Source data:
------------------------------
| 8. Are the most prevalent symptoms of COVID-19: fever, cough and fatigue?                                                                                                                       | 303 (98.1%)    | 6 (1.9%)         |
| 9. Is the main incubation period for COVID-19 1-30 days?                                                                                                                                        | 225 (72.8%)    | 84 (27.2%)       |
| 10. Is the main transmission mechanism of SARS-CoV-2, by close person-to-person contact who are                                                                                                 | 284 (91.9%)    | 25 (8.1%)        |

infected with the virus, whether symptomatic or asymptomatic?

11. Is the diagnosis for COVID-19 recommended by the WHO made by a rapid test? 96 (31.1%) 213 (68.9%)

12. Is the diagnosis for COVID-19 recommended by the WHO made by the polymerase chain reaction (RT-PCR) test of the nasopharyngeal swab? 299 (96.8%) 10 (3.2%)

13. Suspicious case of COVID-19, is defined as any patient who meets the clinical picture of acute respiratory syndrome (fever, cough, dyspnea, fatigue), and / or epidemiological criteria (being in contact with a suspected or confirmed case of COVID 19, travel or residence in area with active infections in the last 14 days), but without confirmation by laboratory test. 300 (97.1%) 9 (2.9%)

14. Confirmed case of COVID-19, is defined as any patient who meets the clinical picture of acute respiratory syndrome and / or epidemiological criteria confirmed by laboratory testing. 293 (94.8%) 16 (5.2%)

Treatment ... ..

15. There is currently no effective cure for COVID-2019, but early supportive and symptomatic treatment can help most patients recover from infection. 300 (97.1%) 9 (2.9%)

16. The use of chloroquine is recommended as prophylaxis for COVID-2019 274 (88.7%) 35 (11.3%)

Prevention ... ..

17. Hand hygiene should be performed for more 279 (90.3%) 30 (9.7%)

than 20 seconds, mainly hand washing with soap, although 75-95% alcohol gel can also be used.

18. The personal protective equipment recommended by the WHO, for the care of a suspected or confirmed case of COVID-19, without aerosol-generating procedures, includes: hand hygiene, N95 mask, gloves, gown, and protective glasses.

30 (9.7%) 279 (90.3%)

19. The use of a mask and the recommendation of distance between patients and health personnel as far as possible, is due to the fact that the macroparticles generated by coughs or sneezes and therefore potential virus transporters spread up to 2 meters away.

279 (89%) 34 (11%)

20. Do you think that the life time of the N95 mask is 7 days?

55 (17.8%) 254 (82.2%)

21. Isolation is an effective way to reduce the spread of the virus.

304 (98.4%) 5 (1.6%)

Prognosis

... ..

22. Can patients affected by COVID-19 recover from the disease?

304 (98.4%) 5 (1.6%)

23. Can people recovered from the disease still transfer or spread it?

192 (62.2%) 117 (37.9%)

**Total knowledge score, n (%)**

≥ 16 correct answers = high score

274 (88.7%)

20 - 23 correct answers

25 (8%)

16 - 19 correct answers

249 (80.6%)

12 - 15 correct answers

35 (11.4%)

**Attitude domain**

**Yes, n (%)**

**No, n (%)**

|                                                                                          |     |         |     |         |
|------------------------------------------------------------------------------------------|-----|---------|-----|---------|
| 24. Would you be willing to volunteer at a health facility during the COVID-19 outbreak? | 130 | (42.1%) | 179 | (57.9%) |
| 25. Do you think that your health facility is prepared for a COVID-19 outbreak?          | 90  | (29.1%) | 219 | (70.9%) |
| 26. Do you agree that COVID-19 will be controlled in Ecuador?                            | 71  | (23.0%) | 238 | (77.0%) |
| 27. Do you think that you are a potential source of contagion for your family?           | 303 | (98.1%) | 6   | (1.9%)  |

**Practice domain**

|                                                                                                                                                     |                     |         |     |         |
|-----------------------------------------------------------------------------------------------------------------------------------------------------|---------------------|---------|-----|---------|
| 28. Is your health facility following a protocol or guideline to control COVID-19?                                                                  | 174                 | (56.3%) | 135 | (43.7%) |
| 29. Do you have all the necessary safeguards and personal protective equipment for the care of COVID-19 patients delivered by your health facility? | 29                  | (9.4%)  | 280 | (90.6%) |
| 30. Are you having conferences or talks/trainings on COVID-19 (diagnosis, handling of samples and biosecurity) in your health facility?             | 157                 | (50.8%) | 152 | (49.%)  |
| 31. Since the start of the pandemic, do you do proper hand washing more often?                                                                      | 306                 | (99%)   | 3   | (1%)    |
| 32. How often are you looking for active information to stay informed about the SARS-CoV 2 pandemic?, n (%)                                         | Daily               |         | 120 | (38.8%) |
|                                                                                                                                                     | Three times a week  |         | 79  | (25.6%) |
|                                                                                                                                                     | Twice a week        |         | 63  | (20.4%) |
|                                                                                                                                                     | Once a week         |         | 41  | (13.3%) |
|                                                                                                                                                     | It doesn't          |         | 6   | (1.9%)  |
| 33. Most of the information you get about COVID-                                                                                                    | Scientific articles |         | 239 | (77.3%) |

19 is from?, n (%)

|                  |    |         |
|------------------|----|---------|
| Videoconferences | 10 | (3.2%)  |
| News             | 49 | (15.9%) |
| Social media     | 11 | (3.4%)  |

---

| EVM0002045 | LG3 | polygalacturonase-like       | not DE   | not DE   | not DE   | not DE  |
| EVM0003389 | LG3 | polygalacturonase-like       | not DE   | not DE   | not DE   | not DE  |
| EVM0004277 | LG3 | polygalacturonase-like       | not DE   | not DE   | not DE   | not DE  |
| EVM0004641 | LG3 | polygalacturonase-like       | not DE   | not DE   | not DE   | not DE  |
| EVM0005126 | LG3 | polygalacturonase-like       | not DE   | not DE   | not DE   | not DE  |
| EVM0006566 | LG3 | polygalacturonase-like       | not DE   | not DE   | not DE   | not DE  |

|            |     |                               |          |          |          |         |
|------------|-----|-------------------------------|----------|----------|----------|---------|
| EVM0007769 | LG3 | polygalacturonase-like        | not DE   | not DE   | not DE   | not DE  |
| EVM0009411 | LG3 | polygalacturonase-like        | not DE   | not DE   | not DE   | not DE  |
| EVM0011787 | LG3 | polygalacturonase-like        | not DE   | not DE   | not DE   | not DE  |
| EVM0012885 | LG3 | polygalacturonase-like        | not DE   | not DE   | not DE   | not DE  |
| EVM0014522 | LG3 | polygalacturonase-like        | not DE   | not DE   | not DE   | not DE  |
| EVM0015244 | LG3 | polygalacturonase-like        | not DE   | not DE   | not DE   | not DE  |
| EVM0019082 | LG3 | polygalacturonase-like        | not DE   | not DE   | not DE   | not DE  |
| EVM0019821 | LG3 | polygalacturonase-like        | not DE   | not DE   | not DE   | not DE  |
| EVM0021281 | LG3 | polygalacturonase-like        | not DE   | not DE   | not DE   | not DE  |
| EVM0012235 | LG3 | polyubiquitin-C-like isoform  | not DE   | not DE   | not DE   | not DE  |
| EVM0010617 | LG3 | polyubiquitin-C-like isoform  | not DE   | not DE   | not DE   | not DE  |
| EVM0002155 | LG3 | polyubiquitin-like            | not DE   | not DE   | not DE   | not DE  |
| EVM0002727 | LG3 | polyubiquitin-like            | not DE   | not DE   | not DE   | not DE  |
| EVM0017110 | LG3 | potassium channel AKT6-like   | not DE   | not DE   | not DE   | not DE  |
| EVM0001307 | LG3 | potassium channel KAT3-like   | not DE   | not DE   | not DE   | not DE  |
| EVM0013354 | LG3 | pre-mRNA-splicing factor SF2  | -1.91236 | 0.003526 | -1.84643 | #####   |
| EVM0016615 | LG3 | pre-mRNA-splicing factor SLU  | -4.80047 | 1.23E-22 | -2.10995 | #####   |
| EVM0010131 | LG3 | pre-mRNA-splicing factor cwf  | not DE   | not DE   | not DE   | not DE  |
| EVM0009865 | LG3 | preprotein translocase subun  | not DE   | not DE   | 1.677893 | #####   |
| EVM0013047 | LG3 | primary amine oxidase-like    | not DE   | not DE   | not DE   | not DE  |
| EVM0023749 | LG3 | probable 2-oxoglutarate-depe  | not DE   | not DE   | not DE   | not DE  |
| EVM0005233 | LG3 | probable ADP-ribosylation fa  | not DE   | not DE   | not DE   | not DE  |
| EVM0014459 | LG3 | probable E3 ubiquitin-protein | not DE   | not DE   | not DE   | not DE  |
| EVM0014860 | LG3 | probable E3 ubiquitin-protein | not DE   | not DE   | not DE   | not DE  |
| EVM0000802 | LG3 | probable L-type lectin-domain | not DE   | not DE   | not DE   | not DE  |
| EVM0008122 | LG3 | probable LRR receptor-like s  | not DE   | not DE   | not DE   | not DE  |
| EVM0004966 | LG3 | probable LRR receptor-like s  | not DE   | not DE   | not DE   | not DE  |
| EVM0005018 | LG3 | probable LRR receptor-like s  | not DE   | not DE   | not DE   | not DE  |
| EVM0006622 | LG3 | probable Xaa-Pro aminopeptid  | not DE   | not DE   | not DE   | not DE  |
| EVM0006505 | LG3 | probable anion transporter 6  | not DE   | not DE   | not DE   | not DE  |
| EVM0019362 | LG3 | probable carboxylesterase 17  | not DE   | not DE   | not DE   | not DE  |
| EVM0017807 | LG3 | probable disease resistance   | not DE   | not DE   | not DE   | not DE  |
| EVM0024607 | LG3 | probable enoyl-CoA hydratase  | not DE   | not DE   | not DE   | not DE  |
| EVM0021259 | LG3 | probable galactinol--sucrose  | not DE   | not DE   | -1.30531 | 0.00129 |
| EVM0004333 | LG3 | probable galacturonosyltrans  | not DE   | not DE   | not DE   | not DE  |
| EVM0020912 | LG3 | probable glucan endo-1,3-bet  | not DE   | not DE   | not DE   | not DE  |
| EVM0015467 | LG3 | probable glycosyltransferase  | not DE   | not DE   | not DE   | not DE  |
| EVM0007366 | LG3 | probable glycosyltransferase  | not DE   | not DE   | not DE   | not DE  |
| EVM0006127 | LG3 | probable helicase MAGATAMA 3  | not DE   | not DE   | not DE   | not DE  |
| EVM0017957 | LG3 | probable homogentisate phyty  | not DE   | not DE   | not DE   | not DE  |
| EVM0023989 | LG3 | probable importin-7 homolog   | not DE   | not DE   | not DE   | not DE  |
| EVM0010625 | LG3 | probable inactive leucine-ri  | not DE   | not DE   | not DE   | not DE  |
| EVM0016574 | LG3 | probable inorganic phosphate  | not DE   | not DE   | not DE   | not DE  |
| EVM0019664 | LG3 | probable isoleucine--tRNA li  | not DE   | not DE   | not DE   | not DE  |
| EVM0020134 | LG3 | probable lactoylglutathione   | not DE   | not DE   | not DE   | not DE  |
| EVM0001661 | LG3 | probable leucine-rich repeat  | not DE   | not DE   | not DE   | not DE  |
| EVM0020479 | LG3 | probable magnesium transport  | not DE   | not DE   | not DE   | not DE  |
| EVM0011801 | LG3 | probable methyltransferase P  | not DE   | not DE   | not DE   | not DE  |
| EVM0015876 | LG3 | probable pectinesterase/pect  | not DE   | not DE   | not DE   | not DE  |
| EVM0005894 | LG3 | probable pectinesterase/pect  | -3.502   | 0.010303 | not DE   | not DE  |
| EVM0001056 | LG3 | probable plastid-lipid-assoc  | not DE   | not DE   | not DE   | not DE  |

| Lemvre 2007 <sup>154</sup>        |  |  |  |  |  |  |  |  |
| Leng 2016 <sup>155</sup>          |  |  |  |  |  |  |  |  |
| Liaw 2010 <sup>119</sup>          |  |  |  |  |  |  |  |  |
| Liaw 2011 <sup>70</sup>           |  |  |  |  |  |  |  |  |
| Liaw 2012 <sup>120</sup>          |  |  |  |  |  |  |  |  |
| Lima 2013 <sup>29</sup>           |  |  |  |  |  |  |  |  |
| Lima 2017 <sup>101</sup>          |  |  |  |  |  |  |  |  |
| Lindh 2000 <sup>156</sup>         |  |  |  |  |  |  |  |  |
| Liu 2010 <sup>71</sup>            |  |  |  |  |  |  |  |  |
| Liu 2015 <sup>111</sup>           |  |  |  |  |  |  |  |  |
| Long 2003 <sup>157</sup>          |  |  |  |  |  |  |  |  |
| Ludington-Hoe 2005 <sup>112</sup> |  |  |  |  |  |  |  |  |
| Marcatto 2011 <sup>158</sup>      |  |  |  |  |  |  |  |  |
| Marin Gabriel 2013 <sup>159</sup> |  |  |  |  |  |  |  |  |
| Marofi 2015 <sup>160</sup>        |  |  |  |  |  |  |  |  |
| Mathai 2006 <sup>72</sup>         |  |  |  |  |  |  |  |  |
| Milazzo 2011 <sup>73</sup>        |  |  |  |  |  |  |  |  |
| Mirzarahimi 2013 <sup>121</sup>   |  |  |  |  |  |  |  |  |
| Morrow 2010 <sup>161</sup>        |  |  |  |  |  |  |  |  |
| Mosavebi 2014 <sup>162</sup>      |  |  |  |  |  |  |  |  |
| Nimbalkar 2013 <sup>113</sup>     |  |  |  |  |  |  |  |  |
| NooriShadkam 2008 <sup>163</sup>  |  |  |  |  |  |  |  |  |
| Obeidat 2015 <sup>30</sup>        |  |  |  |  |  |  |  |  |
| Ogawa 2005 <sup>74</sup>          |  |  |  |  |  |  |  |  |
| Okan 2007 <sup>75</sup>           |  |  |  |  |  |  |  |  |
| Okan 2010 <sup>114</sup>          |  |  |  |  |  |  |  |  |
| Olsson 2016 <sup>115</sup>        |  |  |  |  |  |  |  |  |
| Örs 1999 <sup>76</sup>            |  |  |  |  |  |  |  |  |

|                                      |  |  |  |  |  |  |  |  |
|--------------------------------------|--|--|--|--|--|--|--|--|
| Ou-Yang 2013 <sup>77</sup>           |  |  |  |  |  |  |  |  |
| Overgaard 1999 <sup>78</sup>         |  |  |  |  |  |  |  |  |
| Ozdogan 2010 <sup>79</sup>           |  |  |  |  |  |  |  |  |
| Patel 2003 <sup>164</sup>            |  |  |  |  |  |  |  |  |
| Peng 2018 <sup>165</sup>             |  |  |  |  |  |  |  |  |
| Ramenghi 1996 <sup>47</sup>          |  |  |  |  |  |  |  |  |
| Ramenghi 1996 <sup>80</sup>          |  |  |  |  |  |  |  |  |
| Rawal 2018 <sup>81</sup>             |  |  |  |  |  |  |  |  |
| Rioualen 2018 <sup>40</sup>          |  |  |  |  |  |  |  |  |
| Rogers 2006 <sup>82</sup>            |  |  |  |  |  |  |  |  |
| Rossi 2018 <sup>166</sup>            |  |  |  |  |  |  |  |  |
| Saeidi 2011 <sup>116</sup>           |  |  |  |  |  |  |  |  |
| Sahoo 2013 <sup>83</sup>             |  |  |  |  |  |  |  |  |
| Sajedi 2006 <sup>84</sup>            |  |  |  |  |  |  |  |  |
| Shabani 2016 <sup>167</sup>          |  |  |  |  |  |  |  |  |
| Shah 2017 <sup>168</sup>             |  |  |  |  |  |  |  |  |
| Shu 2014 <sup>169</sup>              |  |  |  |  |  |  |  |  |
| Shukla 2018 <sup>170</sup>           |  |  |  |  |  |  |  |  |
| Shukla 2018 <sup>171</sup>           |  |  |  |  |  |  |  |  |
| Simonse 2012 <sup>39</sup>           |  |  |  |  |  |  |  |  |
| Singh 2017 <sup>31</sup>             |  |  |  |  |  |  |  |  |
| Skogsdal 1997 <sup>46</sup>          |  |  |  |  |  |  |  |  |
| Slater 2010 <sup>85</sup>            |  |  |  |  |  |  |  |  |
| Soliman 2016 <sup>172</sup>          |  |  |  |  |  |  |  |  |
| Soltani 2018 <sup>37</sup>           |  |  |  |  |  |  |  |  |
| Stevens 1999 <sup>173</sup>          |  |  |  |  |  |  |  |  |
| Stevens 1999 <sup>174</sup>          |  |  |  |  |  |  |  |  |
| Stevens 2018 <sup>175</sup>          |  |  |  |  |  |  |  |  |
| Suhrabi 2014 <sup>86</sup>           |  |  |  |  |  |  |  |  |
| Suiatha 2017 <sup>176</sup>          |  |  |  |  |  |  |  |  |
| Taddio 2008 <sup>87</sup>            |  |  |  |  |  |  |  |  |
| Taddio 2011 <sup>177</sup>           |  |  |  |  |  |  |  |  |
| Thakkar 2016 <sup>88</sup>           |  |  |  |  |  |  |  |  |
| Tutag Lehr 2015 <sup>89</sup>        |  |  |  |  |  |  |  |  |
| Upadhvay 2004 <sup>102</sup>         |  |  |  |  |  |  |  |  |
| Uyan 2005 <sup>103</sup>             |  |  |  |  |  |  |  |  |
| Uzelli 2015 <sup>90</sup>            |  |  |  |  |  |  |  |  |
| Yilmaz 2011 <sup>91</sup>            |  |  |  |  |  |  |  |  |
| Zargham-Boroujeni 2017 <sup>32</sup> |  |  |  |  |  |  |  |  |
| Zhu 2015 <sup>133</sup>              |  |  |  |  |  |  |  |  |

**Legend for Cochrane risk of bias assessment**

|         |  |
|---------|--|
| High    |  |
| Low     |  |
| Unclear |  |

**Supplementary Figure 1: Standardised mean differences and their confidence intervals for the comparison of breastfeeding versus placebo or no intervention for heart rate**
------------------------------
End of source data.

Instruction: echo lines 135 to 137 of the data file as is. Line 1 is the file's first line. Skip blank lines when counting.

| Liu 2015 <sup>111</sup>           |  |  |  |  |  |  |  |  |
| Long 2003 <sup>157</sup>          |  |  |  |  |  |  |  |  |
| Ludington-Hoe 2005 <sup>112</sup> |  |  |  |  |  |  |  |  |